Friday, October 1, 2021


A while ago my team was asked for estimates on a customer project that had become both urgent and important. Unfortunately, but not unusually, there was a reasonable amount of uncertainty around the customer need and two possible approaches were being proposed. 

It fell to me to organise the team's response.

First off, should we refuse to estimate? Woody Zuill talks compellingly about #NoEstimates approaches. In Control, or the Fear of Losing It I summarised his perspective as:

We think that we estimate because it gives us control. In reality, we estimate because we fear losing control. The irony, of course, is that we aren't in control: estimates are inaccurate, decisions are still based on them, commitments are also based on them, projects overrun, commitments are broken, costs spiral, ...

Ron Jeffries has a typically nuanced take on the idea in The #NoEstimates Movement:

How to apply #NoEstimates isn’t entirely clear. Does it really mean that all estimates are bad? If not, which ones are OK? How can we tell the difference between an estimate that’s useful enough that we should do it, and one that is pernicious and never should be done?

And I find George Dinwiddie to be a pragmatic guide, noting in Software Estimation Without Guessing there are many ways to estimate and they do not all suit all people in all circumstances. The key is to find a useful approach at an appropriate cost, given the context.

In this case, I felt that we were being asked to help the project team to move past a decision point. My instinct was that analysis was probably more important than precise numbers, and I wanted to keep effort, and team interruption, to a minimum. 

This is what I did...

I drafted a document that listed the following for each of the two implementations (let's call them A and B):

  • what I understood were concrete requirements for each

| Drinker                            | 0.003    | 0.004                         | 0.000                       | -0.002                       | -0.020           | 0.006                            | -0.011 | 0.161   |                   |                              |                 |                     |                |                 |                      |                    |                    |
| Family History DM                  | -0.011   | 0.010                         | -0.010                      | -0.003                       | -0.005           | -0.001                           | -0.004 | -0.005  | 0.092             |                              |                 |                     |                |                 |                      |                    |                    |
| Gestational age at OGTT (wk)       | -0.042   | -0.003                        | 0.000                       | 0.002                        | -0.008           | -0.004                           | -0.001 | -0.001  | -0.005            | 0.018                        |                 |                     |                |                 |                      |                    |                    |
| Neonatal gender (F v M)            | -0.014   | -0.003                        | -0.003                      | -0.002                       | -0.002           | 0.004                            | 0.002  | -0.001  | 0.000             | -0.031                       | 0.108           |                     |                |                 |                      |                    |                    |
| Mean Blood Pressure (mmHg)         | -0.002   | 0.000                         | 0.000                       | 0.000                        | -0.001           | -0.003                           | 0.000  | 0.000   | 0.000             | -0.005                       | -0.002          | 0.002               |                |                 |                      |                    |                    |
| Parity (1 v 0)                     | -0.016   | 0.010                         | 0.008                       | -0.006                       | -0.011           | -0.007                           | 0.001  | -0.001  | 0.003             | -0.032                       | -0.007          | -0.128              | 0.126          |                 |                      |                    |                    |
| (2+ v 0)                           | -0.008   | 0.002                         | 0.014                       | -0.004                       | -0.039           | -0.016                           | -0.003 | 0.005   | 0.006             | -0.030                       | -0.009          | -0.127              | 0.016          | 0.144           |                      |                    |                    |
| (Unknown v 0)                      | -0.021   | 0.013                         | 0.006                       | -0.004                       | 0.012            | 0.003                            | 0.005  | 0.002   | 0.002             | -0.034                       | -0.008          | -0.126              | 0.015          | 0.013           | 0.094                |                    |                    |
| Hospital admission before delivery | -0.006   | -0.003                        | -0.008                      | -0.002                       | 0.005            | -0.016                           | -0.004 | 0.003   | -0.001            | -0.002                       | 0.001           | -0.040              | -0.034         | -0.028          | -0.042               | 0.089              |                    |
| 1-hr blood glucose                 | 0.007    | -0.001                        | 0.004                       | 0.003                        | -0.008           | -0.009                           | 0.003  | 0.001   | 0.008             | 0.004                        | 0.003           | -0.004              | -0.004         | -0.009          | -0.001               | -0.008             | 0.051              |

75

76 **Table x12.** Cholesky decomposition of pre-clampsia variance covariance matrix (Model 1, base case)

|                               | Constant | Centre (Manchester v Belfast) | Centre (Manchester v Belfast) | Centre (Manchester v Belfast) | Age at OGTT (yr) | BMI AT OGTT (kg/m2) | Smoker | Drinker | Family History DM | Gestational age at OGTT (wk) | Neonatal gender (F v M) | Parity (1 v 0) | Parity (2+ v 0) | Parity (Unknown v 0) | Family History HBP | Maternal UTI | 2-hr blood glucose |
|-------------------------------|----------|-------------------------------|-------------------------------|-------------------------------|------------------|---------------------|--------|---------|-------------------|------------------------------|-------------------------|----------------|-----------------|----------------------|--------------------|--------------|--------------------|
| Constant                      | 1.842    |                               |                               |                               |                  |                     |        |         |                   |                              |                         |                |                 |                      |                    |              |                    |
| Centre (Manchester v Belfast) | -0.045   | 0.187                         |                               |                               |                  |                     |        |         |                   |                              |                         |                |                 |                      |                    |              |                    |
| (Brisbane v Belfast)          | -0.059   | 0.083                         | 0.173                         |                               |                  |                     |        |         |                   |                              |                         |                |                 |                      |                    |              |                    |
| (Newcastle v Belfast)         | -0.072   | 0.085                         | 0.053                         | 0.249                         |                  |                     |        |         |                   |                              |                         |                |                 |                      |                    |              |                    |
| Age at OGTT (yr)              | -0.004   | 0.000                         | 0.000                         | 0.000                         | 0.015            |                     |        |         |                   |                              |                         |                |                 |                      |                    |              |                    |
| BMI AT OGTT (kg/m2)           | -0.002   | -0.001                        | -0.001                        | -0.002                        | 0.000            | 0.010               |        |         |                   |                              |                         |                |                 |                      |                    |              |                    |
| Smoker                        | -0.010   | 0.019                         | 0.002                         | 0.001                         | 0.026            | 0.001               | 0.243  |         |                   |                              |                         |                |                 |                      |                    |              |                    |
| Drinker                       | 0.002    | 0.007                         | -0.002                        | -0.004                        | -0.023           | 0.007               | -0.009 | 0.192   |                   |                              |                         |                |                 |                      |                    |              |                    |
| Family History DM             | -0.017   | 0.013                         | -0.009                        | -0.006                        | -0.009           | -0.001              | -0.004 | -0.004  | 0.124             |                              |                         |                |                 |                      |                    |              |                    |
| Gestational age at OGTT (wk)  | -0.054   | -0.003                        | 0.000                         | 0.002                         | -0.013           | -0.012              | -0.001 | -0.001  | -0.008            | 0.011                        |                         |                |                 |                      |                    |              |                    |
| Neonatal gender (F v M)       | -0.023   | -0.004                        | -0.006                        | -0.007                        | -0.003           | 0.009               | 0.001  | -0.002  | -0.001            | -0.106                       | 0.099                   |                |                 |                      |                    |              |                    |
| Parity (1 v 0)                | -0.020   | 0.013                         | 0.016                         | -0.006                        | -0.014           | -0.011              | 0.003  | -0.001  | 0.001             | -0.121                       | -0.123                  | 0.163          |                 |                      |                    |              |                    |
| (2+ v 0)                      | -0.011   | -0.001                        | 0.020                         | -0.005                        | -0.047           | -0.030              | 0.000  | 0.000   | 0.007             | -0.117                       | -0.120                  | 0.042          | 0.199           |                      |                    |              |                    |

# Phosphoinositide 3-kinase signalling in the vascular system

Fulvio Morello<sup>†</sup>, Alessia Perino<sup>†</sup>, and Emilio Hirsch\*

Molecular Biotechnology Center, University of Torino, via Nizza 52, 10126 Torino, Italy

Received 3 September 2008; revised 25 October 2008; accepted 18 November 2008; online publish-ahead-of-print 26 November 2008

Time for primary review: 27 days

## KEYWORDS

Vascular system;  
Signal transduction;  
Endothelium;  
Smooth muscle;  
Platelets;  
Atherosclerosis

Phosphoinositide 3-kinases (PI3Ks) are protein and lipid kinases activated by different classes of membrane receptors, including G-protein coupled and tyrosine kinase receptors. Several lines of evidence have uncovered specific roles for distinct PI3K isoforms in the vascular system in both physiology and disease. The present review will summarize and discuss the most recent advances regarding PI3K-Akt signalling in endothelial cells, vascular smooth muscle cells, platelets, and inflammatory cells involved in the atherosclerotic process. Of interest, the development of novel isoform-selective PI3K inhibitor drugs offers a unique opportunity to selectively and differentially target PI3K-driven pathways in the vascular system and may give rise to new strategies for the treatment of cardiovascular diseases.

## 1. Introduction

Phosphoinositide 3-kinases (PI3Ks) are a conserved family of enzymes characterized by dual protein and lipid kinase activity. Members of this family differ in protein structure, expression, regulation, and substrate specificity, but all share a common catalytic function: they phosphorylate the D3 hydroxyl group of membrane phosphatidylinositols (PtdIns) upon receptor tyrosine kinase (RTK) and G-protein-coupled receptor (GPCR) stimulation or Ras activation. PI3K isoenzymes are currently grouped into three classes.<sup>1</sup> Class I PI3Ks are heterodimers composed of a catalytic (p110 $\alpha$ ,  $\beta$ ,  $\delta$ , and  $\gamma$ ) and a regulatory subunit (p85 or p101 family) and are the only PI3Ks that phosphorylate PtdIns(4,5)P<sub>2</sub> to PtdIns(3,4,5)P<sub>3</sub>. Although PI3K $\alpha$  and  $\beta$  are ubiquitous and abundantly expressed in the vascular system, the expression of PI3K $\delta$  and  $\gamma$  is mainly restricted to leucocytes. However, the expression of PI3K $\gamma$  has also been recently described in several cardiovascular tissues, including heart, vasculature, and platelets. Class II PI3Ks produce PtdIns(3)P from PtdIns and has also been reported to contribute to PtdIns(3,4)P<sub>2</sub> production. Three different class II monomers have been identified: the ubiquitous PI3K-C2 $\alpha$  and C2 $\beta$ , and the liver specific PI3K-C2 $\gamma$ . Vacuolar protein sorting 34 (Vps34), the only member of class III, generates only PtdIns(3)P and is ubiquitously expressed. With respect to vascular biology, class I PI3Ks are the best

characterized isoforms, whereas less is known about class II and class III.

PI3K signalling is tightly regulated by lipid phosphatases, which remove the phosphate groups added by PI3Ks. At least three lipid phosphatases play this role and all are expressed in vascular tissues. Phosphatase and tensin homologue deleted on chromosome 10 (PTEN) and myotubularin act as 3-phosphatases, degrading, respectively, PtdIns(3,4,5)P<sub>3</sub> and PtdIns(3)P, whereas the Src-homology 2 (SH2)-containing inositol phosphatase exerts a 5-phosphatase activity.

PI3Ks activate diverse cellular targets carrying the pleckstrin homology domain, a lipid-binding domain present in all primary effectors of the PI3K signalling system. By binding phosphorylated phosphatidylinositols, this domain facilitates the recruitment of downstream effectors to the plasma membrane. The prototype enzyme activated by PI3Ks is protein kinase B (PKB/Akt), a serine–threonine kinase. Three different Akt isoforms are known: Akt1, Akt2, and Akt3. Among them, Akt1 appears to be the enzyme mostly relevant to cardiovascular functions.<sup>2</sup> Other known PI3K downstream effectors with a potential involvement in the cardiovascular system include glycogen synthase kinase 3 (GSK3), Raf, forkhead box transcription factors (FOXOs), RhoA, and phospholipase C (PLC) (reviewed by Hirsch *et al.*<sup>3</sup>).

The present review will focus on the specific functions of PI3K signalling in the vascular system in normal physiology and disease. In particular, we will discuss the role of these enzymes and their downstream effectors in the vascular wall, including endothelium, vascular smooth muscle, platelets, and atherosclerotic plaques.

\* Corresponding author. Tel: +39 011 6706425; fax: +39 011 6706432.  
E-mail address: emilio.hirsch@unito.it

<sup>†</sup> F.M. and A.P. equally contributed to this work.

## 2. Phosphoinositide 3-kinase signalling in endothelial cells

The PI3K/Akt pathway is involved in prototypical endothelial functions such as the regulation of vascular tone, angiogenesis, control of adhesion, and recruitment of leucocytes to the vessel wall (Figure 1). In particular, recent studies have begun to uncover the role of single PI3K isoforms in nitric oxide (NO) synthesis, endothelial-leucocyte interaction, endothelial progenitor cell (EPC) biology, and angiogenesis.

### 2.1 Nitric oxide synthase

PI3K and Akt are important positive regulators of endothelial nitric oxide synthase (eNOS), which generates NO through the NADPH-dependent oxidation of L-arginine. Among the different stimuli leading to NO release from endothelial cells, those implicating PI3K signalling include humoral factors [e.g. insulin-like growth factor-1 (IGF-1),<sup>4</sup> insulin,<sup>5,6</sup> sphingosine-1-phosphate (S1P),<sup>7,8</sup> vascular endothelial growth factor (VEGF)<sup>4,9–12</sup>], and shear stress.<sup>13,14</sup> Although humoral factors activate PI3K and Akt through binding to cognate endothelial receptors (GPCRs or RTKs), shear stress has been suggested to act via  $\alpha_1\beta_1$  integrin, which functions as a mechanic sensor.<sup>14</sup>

• assumptions the team would make in order to generate estimates
  • risks associated with each project, the process we were in, and estimating itself

I delivered this quickly and requested immediate feedback from the stakeholders. This clarified some aspects, identified things that I had missed or got wrong, and exposed differences in perspective amongst the sponsors. It also showed that I was taking the work seriously.

Next, I made a spreadsheet with a rough list of feature items we'd need to implement for each of A and B, and I passed that by the team to skim for obvious errors.

Finally, the team got together on a short call. We briefly kicked around tactics for estimating and decided between us to each give a low (or optimistic) and high (or pessimistic) estimate for each line item for each of A and B. We did this on the count of three to avoid biasing each other, and we wrapped up all of our uncertainties, worries, assumptions, and so on into the numbers. 

For each item I dropped the lowest low and highest high into the spreadsheet (like the example at the top) and totalled the values to give very crude error bars around potential implementation routes for each version of the project. 

I updated the document with this finding and delivered it back to the project with a recommendation that we de-risk by choosing B given the urgency of delivery. 

The stakeholders accepted the suggestion and my work was done.

Retrospecting, then: I was very happy with the process we bootstrapped here and I would use something like it again in similar circumstances to enable a decision.

To be clear, I would not trust the absolute numbers we created but I would have some faith that the relative comparisons are valuable. In our case, B was about half the size of A and this accorded with intuition about the amount of uncertainty and the complexity of A over B.

Also important is the context in which the numbers are set. Explicitly listing the assumptions, risks, and approach gives us a shared understanding and helps to see when something changes that might affect the estimates.

Choosing not to  unpack everyone's personal feelings on every number was a real efficiency gain. Gut instinct is built on data and experience and we can access it unconsciously and quickly. Taking a low and high number emphasises to stakeholders that there is uncertainty on the figures.

I tried to choose a pragmatic, context-based, approach to estimation, where the numbers might be somewhat brown* but, along with the contextual information, facilitated a decision. On another time, in another situation, I might have refused, or done something different. #SomeEstimates.

* I am indebted to Jason Trenouth for the concept of a brown number, so called because of the place they're pulled out of.

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